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¡Hugo! The Hugo Chavez Story from Mud Hut to Perpetual Revolution

Can Chavismo outlive Chavez? Jones does not say, but his portrait is compelling for its ring of authenticity. The result is a refreshing departure from the ideologically charged tracts that tend to dominate the debate about Chavez. A book review.

The recent election of “red bishop” Fernando Lugo as president of Paraguay is
a spectacular example of Latin America's lurch to the left over the past
decade. In a region once famed for right-wing dictators, countries are
falling like dominoes under the “Chavez effect”. Since becoming president of
Venezuela 10 years ago, Hugo Chavez has emerged as one of the most
controversial figures on the world stage. Often depicted as a monster, a
clown, or an aspiring communist dictator in the mould of Cuba's Fidel
Castro, he is accused of everything from undermining democracy to destroying
his country's economy.

For Bart Jones, an American journalist, things are more complex. Bringing a
racial dimension to the debate, he argues that the media has failed to
explain the popularity of Chavez because it views Venezuela almost
exclusively “through the lens of the light-skinned elites”. His book is an
attempt to redress the balance.

Chavez, 53, the country's first dark-skinned leader, has used Venezuela's
immense oil wealth, says Jones, to improve life for millions of impoverished
shantytown residents through health and education programmes such as no
other leader ever attempted. For Washington, though, the “Bolivarian
revolution” (named after Simon Bolivar, the leader of the independence
struggle against Spain) is a threat to stability in a region long regarded
as America's “back yard”. Not only has Chavez bonded with Castro, but he has
built an alliance with Mahmoud Ahmadinejad, the nuclear-obsessed Iranian

The level of discourse has sunk to the playground, with American officials
likening Chavez to Hitler, and Chavez calling George Bush a “fool”, a
“drunk” and a “donkey” and comparing him to the devil. Jones asks us to bear
in mind American support for the coup attempt against Chavez in 2002, when
opposition groups received American funding.

Madman or messiah, the former army major has certainly put Venezuela on the
map. Until he erupted onto the stage in his trademark red beret, his country
was known mainly for beauty queens and oil.Many of the country's oil tankers
were named after the most cherished beauty queens but Chavez set a new tone
when he rechristened two of the ships Negra Hipolita and Negra Matea after
the wet nurse and governess of Bolivar, his hero since childhood.

Chavez's parents were schoolteachers but, at a time when Venezuela's oil
wealth was creating fabulous fortunes for a privileged few, he was brought
up mainly by his grandmother, who made boiled sweets for little Hugo to sell
on the streets. His early diaries reveal a sense of outrage at the gap
between rich and poor: “I feel the blood boil in my veins,” he wrote when he
was 19, “and I convince myself of the need to do something, whatever it may
be, for these people.”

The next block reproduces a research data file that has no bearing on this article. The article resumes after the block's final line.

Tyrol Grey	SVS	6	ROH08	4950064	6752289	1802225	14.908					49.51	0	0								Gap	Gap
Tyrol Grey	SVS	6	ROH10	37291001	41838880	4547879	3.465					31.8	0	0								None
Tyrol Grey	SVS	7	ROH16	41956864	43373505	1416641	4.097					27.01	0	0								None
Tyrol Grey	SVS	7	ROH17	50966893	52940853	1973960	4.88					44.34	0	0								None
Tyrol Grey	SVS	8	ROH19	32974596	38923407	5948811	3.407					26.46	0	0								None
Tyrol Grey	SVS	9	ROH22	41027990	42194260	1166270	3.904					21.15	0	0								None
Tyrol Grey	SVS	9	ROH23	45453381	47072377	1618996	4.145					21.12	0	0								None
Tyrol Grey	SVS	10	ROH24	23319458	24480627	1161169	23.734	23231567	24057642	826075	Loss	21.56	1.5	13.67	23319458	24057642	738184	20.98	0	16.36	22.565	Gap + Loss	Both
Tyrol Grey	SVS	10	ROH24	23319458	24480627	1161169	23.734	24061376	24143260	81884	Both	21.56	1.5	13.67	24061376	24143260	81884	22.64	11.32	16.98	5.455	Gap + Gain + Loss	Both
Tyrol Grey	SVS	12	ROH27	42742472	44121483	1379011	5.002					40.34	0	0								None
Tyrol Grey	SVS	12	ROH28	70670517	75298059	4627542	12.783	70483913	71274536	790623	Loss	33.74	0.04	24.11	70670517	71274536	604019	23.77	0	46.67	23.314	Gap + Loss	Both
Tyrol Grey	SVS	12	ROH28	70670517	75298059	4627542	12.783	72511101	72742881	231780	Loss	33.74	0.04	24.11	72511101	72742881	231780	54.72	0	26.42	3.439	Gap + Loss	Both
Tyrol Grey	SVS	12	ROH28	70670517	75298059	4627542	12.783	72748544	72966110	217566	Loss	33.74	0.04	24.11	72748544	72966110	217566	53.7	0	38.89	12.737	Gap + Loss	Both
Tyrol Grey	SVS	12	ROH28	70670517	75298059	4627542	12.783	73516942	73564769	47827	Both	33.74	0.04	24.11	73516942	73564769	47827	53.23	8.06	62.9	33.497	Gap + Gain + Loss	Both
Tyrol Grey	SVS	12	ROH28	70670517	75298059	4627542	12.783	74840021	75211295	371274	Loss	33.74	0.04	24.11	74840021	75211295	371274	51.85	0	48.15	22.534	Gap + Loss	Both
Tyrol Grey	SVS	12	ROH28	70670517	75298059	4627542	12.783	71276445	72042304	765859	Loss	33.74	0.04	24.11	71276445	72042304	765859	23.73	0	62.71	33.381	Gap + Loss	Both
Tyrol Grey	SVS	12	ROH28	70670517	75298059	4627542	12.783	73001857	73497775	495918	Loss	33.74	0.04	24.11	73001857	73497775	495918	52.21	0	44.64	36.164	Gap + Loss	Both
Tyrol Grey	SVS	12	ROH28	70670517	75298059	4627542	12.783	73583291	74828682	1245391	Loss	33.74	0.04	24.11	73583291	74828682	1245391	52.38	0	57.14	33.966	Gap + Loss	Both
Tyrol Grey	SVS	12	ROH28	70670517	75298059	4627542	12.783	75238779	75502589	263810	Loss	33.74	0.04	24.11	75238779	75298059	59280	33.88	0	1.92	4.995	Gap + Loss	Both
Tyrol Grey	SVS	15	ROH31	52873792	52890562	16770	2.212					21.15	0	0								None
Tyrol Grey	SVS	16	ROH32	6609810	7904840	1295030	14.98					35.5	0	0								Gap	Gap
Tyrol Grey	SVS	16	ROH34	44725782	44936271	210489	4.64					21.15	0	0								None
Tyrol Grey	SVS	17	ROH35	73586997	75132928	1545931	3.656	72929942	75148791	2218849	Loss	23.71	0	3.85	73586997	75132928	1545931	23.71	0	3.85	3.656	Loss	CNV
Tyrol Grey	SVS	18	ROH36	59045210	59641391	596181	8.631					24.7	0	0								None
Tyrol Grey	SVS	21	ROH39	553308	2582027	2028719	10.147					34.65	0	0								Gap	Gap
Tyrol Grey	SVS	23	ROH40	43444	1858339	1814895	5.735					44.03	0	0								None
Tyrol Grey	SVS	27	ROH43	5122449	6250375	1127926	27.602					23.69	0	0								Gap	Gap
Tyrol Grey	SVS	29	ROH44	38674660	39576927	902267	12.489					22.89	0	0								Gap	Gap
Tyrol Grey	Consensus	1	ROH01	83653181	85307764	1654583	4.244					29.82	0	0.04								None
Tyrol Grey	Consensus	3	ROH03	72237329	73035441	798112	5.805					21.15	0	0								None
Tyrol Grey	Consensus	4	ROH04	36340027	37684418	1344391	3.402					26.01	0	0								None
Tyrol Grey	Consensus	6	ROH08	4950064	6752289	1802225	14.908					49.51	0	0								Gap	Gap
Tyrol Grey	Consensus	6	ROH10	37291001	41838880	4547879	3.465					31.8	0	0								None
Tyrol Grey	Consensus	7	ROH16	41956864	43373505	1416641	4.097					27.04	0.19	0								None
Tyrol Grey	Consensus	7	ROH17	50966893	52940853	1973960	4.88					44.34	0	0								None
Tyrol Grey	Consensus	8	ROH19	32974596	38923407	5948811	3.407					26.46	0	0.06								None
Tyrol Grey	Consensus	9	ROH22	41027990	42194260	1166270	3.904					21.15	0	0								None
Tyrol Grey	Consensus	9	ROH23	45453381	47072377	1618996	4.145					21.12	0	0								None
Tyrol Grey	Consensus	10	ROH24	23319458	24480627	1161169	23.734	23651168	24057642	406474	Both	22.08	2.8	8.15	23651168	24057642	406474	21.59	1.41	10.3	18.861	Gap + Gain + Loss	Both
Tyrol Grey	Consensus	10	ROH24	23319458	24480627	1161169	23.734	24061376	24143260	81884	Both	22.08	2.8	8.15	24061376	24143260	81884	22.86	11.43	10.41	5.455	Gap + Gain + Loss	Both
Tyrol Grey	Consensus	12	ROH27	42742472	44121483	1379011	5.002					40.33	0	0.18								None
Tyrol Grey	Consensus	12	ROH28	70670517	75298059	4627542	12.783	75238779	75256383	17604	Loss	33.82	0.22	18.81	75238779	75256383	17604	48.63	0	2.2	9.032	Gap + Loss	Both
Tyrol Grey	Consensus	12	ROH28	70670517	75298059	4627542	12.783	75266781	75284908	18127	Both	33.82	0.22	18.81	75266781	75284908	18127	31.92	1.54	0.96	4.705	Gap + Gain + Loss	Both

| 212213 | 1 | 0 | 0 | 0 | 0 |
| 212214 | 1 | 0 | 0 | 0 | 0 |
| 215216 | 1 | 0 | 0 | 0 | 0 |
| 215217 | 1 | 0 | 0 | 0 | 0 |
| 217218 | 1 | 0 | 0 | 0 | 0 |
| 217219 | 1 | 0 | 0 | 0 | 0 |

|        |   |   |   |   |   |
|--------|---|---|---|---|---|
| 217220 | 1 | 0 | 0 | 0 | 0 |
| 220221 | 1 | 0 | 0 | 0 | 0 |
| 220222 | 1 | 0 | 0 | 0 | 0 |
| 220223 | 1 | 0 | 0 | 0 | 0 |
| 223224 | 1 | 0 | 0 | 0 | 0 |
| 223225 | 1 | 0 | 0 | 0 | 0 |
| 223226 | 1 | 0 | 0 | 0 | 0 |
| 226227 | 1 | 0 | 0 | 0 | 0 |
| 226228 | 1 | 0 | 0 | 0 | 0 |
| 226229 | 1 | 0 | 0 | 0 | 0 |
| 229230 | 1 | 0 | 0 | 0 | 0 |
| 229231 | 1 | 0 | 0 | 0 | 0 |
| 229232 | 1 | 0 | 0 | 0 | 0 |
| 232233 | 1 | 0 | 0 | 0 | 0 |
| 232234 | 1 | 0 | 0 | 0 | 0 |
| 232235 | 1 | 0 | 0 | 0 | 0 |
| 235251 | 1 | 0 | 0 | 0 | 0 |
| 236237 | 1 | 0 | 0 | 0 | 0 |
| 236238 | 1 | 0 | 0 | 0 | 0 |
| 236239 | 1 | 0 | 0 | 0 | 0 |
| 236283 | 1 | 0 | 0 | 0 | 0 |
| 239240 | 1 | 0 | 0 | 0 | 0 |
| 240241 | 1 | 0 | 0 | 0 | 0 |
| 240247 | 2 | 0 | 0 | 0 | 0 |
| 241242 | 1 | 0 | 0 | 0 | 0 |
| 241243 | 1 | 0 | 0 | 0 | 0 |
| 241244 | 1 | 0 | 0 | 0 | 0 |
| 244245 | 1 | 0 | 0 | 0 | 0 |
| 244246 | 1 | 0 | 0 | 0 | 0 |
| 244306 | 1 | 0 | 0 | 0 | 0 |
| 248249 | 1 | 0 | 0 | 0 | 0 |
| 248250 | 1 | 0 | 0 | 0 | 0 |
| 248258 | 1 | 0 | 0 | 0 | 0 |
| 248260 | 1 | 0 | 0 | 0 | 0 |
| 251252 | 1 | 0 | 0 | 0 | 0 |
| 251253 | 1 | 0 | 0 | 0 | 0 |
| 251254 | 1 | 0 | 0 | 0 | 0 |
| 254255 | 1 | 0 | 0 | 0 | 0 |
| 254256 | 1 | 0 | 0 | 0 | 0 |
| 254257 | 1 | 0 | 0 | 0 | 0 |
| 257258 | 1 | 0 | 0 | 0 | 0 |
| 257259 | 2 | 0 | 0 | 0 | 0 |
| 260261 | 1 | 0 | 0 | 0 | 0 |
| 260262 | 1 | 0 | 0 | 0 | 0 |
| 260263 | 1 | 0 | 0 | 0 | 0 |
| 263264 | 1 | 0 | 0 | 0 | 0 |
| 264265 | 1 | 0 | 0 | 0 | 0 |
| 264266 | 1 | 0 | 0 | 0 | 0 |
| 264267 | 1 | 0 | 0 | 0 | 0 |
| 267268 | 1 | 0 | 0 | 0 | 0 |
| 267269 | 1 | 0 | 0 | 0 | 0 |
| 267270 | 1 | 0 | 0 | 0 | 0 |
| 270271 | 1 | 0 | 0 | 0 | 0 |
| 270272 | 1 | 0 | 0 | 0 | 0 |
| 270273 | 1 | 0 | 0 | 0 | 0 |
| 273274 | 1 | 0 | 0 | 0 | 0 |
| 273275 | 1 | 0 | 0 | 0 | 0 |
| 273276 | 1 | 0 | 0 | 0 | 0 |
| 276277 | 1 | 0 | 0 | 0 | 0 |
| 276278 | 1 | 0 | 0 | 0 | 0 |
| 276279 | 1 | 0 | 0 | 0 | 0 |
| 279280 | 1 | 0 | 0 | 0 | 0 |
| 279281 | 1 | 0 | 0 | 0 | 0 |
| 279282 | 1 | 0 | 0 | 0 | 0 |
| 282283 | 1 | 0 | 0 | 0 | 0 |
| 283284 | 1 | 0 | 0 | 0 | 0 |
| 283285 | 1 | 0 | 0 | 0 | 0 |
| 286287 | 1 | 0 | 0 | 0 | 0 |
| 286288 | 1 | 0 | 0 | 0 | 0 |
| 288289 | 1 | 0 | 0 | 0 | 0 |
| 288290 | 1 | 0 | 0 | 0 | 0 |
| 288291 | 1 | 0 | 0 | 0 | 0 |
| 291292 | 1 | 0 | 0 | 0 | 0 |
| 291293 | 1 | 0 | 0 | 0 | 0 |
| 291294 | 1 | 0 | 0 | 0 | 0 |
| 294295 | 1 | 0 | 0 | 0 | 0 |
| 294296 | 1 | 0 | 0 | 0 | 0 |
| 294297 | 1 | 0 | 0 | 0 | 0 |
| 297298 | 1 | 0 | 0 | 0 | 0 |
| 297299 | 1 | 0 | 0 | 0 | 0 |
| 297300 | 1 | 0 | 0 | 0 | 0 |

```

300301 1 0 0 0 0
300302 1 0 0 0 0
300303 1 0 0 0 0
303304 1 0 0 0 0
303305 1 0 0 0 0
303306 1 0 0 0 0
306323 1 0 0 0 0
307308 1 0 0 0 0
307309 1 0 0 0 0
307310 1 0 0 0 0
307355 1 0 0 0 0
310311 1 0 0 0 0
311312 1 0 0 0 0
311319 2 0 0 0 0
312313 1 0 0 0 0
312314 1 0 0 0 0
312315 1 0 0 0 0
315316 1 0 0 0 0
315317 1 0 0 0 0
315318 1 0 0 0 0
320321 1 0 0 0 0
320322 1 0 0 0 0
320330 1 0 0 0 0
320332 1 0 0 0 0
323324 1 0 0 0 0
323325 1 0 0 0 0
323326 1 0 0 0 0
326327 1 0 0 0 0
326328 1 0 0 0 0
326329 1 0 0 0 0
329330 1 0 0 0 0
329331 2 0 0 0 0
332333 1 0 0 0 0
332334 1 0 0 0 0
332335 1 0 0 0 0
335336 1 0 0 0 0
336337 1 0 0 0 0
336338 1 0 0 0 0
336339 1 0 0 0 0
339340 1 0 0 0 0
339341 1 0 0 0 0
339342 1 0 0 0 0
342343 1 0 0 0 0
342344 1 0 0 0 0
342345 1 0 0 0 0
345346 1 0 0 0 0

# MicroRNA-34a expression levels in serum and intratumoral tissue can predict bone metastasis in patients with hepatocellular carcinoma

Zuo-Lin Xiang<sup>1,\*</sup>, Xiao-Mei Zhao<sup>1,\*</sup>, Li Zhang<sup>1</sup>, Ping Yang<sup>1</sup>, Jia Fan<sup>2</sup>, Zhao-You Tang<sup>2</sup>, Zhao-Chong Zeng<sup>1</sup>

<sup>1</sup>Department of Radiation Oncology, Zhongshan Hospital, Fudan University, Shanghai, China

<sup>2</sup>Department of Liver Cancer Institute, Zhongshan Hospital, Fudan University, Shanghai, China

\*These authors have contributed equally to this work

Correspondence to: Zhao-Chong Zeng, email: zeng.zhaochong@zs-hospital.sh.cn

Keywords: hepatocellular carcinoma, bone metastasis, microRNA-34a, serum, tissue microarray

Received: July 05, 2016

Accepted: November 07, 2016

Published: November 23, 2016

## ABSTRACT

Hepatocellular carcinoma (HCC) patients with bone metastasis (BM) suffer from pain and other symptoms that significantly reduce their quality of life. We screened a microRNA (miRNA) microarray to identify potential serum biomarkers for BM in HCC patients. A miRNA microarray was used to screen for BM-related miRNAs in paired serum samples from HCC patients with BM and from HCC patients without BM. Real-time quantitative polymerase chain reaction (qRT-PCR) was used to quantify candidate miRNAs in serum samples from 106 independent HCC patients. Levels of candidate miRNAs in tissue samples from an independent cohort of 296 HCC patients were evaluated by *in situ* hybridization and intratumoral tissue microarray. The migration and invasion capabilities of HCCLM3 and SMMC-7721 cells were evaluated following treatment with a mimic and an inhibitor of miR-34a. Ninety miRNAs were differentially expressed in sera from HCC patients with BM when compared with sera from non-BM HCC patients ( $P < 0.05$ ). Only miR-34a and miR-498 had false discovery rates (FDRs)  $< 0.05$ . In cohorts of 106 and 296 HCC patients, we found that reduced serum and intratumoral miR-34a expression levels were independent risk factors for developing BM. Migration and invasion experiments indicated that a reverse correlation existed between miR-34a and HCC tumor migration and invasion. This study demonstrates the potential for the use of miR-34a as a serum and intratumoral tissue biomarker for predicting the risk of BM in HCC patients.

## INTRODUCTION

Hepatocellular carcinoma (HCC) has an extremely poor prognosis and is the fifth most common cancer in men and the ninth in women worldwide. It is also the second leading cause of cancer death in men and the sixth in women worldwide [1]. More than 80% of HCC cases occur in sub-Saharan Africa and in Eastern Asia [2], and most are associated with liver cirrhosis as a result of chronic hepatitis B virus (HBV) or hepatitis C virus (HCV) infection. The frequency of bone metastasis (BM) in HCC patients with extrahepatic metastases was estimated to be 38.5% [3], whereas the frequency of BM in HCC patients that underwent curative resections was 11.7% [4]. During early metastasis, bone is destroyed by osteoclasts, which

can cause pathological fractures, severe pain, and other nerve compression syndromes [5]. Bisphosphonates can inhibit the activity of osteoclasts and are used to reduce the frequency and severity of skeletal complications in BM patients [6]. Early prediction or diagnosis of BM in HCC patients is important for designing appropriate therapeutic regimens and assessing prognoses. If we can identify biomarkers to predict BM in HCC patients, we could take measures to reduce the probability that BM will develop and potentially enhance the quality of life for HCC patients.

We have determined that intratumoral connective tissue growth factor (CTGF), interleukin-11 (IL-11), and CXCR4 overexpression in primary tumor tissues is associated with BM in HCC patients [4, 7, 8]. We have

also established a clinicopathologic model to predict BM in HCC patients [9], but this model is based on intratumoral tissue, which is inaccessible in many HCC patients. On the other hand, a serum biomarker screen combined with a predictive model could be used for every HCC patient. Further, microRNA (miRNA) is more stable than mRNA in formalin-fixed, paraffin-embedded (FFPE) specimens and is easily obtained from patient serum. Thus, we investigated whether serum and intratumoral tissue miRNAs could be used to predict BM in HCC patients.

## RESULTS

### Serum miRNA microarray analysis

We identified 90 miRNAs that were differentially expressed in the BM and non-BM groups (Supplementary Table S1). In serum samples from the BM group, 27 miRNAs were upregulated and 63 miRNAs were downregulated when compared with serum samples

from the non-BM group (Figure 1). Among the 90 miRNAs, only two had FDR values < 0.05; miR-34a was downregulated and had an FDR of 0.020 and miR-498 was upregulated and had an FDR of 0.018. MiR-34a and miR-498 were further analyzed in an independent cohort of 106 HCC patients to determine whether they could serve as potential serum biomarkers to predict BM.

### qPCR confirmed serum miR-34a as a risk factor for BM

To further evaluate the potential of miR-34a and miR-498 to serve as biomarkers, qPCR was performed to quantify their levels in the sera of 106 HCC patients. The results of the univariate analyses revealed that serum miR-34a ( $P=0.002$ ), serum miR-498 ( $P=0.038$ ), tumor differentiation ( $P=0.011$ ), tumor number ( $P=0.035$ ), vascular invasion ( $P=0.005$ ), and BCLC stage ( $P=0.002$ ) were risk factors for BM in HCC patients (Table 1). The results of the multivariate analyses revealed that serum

Although he decided young that he would follow in the footsteps of the great
19th-century “Liberator”, the rise from mud hut to presidential palace might
never have happened had it not been for his fondness for baseball: his
school grades disqualified him from entering the military academy in
Caracas, but the generals made an exception on the strength of his knack for
smacking balls out of the stadium.

The army was fertile ground for Chavez's hybrid, Bolivarian ideology. Its
soldiers felt disgust at being used to quell food riots in 1989, when an
estimated 399 inhabitants of shantytowns were shot dead. The coup attempt
led by Chavez in 1992 failed when Carlos Andres Perez, the president,
managed to get on television in his pyjamas to show that he was still
leading the nation.

Chavez was lucky to serve only two years in prison, and was mobbed by crowds
on his release: he had become a popular hero and easily beat Irene Saez, a
6ft strawberry-blonde and former Miss Universe, at the polls in 1998, a
presidential election that became known as “beauty and the beast”. Venezuela
had never seen anything like it: Chavez dispensed with the presidential
limousine, paid surprise visits to decrepit hospitals at 3am and fired
doctors he found sleeping; he would stop his convoy to chat with stunned
rubbish collectors; attacking profligacy, he put the government's fleet of
128 aircraft up for sale. The street slang he used on Hello President, his
television programme, horrified the Caracas upper-crust but endeared him to
the masses. For once, someone like them was running the country. The coup
attempt against him in 2002, when he only narrowly avoided execution by
mutinous troops, collapsed because of divisions within the military and, to
the horror of the American-backed opposition, he was reinstated and went on
to win re-election.

Twice divorced, he lives alone these days in the palace; he is “married to the
revolution”, he says. Herma Marksman, his former lover and comrade-in-arms,
thinks all the adulation has gone to his head, and that his “ego has
ballooned out of control”. She recently told another Chavez biographer:
“Hugo thinks he's Rock Hudson.”

Fortunately, an attempt to change the constitution to allow Chavez to be
re-elected indefinitely after his term expires in 2013 was defeated in a
referendum last year. Which leaves Venezuelans facing an intriguing
question: can Chavismo outlive Chavez? Jones does not say, but his portrait
is compelling for its ring of authenticity: he gained unusual access to his
subject, spending hours interviewing him in planes, cars and the
presidential palace in Caracas. The result is a refreshing departure from
the ideologically charged tracts that tend to dominate the debate about

¡Hugo! by Bart Jones
Bodley Head £12.99 pp608

Source: Sunday Times Online